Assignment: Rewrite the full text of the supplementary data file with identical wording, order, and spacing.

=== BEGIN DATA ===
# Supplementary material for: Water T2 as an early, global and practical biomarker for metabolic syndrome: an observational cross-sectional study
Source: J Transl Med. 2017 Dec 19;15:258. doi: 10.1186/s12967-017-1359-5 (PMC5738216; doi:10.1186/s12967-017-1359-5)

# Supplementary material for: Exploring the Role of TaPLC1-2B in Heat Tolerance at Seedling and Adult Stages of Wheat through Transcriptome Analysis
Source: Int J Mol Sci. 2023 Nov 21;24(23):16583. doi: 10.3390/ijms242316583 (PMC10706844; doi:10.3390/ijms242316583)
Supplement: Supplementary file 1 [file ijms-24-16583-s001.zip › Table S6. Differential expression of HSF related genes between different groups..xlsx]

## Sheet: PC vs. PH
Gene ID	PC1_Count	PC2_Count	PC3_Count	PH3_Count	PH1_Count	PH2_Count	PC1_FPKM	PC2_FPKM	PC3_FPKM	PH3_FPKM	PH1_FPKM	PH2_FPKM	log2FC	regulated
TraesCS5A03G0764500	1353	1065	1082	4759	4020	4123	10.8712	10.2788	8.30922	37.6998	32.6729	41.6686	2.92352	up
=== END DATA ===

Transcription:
# Supplementary material for: Water T2 as an early, global and practical biomarker for metabolic syndrome: an observational cross-sectional study
Source: J Transl Med. 2017 Dec 19;15:258. doi: 10.1186/s12967-017-1359-5 (PMC5738216; doi:10.1186/s12967-017-1359-5)

# Supplementary material for: Exploring the Role of TaPLC1-2B in Heat Tolerance at Seedling and Adult Stages of Wheat through Transcriptome Analysis
Source: Int J Mol Sci. 2023 Nov 21;24(23):16583. doi: 10.3390/ijms242316583 (PMC10706844; doi:10.3390/ijms242316583)
Supplement: Supplementary file 1 [file ijms-24-16583-s001.zip › Table S6. Differential expression of HSF related genes between different groups..xlsx]

## Sheet: PC vs. PH
Gene ID	PC1_Count	PC2_Count	PC3_Count	PH3_Count	PH1_Count	PH2_Count	PC1_FPKM	PC2_FPKM	PC3_FPKM	PH3_FPKM	PH1_FPKM	PH2_FPKM	log2FC	regulated
TraesCS5A03G0764500	1353	1065	1082	4759	4020	4123	10.8712	10.2788	8.30922	37.6998	32.6729	41.6686	2.92352	up